4) Gratitude Practice

Social distancing has forced us all inward, in our homes, in our minds, in our bodies. This can be a blessing and a curse. One of the blessings is that this inward reach can help us find gratitude for the simple things in life, things we often take for granted in all the hustle and bustle. The practice of 3 Good Things just asks you to write down three small things for which you are grateful each day. Some people like to do this in a journal but you can get creative with it too! I like to write my 3 good things down on small pieces of paper and keep them in a basket or jar where I can reach in and pick one at random when I’m needing a pick me up. Recently, I’ve been using some heart-shaped sticky notes I found in my desk and sticking them on the side of my desk in rows so I can visually see all the things I’m grateful for each day throughout the week: This simple practice has been studied and shown to reduce anxiety, depression, and improve overall well-being!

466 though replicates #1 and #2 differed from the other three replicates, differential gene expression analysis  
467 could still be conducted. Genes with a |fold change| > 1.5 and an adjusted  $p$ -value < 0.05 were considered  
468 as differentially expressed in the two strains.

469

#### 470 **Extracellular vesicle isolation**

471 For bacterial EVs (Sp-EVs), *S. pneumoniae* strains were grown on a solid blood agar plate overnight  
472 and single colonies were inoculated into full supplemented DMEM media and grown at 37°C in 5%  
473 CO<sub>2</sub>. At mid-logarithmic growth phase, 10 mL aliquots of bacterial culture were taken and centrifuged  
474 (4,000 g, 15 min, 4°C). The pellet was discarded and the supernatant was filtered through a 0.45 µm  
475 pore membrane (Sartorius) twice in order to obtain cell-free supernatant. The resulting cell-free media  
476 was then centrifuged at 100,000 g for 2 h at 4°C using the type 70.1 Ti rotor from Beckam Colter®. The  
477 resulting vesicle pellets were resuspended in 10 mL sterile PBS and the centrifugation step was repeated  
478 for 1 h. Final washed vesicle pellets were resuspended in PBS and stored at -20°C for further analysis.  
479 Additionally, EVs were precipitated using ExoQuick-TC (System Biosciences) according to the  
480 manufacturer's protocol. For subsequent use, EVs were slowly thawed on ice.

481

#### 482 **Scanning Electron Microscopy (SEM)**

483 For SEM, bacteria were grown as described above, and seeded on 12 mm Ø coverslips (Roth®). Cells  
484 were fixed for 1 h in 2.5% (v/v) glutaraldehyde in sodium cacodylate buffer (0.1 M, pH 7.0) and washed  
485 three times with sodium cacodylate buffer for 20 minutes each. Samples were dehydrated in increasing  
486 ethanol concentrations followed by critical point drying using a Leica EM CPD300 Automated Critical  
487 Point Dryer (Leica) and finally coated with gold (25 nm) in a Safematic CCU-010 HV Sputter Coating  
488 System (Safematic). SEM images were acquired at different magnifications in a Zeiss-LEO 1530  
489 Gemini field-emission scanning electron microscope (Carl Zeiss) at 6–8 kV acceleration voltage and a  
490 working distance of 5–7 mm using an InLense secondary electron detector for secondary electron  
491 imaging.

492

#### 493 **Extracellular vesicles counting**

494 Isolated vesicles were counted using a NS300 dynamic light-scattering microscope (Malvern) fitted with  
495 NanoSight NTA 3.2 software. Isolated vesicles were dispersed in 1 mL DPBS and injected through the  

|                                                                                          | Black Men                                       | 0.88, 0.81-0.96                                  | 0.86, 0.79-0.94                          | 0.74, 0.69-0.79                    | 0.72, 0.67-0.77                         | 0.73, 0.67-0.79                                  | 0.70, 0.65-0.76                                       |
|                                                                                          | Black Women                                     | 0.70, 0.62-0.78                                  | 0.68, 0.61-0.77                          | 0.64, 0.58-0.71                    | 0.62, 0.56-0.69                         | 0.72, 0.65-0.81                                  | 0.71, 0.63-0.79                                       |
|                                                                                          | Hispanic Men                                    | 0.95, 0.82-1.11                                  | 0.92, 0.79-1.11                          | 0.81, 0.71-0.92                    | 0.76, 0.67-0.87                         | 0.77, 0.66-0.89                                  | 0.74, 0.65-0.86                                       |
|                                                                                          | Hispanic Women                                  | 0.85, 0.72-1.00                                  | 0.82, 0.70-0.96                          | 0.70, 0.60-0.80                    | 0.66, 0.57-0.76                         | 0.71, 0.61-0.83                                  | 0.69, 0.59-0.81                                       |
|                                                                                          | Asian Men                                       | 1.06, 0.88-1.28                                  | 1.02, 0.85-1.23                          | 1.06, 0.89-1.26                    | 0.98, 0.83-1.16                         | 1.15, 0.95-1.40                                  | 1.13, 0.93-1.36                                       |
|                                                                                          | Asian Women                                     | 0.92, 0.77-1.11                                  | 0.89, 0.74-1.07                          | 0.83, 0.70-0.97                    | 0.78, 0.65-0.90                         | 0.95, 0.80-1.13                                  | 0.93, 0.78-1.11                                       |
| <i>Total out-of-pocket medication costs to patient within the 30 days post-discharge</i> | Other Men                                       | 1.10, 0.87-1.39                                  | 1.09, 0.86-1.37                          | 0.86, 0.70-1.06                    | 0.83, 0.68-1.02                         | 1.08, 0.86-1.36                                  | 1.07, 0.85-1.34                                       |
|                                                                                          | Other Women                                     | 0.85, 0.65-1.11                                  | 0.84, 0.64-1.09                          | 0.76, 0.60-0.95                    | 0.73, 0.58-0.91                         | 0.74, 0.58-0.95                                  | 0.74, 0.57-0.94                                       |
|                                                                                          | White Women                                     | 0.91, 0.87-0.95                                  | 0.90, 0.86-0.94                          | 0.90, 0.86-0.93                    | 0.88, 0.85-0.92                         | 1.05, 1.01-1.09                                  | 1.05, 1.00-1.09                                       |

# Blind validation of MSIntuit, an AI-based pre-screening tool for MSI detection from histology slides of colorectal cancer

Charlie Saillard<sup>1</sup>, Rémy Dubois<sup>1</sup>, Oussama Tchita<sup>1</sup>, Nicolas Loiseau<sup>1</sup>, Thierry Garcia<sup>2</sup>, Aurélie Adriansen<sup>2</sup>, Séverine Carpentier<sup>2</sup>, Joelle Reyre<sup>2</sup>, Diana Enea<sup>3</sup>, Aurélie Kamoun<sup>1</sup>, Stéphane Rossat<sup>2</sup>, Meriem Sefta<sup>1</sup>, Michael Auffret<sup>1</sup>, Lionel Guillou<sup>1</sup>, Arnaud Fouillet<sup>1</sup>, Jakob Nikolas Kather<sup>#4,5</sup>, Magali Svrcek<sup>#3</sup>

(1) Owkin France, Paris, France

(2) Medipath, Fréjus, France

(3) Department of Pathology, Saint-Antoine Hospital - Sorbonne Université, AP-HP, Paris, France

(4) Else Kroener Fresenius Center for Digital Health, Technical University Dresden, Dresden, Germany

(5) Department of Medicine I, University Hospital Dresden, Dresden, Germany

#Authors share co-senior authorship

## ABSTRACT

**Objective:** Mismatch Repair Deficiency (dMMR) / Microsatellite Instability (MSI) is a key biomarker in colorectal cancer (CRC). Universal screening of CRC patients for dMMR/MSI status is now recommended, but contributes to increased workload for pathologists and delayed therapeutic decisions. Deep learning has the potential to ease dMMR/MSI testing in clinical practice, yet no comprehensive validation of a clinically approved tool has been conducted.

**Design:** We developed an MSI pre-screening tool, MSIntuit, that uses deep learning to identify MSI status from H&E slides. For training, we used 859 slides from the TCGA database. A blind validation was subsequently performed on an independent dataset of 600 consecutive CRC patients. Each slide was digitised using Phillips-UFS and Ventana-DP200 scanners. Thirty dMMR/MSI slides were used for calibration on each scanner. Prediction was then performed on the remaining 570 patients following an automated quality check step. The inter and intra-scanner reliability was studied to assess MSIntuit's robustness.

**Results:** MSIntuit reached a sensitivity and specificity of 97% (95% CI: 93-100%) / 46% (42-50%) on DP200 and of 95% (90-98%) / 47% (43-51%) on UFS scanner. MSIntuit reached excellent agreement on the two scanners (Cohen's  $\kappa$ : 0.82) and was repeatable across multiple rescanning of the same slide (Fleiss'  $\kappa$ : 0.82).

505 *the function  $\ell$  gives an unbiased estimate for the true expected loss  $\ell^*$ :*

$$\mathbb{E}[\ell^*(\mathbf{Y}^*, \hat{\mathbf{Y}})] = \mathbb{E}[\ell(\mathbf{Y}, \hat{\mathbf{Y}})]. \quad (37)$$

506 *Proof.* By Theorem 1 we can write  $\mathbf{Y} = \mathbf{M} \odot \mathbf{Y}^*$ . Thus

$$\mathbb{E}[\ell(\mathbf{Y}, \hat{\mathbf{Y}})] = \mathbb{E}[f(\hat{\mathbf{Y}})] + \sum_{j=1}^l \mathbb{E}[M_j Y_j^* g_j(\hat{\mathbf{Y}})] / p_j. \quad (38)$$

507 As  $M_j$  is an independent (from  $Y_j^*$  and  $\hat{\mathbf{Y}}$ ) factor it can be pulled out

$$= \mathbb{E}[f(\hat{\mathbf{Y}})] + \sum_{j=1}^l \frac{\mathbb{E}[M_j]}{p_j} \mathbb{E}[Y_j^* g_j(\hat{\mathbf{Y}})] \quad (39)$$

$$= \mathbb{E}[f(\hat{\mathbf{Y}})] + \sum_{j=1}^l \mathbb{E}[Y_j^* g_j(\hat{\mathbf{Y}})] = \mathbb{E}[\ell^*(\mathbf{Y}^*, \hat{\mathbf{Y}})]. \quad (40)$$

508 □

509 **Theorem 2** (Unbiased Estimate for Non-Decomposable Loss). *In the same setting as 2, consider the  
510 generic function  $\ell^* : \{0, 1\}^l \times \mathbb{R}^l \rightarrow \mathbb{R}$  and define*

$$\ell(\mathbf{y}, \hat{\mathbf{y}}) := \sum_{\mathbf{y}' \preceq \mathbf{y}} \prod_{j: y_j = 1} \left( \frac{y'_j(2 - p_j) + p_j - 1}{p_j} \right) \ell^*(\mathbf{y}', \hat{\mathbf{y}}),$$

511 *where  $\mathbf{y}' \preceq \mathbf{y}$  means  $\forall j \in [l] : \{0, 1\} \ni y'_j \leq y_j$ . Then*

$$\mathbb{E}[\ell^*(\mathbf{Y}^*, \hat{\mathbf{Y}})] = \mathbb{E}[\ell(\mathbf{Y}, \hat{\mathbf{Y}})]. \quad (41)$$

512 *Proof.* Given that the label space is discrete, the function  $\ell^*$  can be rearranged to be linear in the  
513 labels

Thank you

Thank you for reading this. Thank you for taking time for yourself, for your family, for your community. I will continue to add things here and write other posts about Coping with Covid-19. Please let me know how you’re coping so we can share the wealth! Stay safe and healthy out there.

Original Post: Coping with Covid-19

 

Jennifer Hughes is a Psychologist that has been working with trauma survivors for over 10 years has given me the insight, authenticity, and skills needed to help you rediscover your resilience. Whether you want evidence based treatment or more exploratory work, She is here to walk beside you on your journey to recovery. Call (504) 408-1790  or email jennifer@jenniferhughesphd.com to set up a consultation. Visit Jennifer Hughes’s Profile.